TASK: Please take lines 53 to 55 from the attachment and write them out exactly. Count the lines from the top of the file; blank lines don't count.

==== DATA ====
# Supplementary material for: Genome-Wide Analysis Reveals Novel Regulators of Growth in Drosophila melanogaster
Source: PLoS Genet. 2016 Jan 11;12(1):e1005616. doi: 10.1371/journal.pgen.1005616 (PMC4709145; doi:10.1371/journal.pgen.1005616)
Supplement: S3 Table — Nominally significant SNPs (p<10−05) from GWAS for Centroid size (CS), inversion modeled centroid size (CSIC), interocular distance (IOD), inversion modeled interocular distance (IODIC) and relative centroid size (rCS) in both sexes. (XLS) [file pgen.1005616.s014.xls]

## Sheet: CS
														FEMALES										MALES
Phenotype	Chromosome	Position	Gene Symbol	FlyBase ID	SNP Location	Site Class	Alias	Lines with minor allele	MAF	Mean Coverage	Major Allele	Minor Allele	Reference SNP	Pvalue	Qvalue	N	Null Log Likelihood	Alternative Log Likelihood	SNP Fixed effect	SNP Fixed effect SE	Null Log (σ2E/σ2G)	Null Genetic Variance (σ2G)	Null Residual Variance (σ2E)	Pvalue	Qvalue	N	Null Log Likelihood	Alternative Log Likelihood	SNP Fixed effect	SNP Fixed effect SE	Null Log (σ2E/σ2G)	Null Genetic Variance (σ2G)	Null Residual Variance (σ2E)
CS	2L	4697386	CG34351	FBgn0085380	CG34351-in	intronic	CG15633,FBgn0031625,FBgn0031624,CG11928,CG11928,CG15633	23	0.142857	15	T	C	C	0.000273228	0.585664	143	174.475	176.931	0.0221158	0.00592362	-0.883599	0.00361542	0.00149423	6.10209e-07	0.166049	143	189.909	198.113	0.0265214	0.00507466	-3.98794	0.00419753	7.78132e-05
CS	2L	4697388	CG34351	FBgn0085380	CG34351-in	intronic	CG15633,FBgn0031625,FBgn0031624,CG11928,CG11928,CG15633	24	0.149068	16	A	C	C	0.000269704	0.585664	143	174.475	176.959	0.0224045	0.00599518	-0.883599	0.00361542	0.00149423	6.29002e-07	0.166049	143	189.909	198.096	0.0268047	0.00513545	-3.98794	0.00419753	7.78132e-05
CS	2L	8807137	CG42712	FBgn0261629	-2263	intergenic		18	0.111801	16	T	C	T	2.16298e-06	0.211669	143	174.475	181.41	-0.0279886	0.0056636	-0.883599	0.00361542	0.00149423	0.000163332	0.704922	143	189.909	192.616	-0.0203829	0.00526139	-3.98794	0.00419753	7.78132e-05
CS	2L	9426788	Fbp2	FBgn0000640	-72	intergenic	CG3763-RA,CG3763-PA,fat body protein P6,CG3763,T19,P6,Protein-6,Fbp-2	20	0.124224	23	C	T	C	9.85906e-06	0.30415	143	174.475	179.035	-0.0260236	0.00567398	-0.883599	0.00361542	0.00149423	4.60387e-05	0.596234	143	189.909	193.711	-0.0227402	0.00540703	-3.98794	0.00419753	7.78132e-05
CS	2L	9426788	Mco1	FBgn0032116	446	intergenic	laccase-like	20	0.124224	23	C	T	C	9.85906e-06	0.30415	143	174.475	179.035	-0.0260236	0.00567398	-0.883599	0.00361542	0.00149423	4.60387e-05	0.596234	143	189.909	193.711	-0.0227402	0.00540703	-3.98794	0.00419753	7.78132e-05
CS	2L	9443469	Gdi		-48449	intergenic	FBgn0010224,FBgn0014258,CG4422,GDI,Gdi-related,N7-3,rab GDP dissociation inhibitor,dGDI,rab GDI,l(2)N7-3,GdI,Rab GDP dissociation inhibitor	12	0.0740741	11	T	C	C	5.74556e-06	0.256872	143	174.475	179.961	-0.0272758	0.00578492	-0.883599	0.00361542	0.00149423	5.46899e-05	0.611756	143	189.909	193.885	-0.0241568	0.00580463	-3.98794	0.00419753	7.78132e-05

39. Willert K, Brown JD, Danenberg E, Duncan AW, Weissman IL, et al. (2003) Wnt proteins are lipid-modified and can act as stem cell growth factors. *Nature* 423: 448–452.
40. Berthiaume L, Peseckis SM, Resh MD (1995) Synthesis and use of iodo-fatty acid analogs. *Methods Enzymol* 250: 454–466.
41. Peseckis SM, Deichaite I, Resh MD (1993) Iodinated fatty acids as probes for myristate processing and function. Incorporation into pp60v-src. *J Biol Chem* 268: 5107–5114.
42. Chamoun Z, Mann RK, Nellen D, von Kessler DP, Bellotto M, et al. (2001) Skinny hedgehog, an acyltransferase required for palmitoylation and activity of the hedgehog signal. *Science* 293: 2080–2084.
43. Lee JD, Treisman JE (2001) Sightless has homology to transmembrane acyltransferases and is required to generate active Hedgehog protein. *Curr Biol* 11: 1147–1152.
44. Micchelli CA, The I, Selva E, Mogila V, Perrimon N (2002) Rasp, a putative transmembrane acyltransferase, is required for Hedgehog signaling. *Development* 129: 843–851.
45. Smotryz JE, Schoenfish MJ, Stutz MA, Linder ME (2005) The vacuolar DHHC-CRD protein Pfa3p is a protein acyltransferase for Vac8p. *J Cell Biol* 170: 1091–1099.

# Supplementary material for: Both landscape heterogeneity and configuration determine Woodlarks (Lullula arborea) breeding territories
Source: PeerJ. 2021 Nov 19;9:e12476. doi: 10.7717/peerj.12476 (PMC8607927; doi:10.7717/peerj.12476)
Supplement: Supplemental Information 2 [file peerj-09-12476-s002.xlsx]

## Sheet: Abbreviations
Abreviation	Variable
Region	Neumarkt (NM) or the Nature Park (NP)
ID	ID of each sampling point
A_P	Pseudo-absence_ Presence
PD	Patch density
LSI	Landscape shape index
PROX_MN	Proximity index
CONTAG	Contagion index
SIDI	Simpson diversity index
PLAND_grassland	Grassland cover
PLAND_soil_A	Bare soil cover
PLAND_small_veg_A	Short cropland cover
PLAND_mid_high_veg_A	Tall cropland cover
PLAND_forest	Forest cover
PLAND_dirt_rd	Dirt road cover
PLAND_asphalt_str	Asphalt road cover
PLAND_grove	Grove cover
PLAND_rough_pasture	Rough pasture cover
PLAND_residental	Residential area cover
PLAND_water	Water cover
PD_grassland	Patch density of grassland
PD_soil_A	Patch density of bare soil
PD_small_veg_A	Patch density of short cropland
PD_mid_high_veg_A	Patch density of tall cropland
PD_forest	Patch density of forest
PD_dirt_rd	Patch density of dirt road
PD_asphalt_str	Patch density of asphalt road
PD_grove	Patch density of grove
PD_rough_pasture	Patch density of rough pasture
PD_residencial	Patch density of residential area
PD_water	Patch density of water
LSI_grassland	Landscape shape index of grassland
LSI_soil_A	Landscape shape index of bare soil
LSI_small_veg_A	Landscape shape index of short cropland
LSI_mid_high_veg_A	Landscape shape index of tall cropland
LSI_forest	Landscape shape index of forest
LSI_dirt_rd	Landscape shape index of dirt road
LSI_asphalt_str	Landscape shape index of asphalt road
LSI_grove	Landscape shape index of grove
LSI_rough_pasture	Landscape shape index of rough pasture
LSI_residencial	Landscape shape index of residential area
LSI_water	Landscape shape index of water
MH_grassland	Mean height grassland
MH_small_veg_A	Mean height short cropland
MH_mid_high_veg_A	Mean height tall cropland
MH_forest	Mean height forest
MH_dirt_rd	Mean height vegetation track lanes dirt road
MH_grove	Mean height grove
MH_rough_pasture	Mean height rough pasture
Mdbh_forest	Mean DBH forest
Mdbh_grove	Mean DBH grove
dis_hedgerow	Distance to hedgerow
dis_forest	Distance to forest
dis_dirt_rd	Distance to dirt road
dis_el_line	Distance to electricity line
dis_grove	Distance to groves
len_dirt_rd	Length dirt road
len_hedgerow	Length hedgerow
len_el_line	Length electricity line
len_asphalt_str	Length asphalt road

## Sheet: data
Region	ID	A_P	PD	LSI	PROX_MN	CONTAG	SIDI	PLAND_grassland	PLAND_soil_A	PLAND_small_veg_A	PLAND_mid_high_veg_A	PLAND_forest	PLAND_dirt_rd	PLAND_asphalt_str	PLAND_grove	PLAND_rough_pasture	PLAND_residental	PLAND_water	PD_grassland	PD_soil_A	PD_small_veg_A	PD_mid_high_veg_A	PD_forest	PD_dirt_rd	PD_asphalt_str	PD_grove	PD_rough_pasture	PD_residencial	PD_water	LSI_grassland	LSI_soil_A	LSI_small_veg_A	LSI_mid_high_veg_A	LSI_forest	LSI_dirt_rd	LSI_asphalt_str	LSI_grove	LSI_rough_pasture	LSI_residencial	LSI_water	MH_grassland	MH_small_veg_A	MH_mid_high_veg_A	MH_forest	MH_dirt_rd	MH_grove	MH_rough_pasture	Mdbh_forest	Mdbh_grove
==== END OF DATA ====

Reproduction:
PD_residencial	Patch density of residential area
PD_water	Patch density of water
LSI_grassland	Landscape shape index of grassland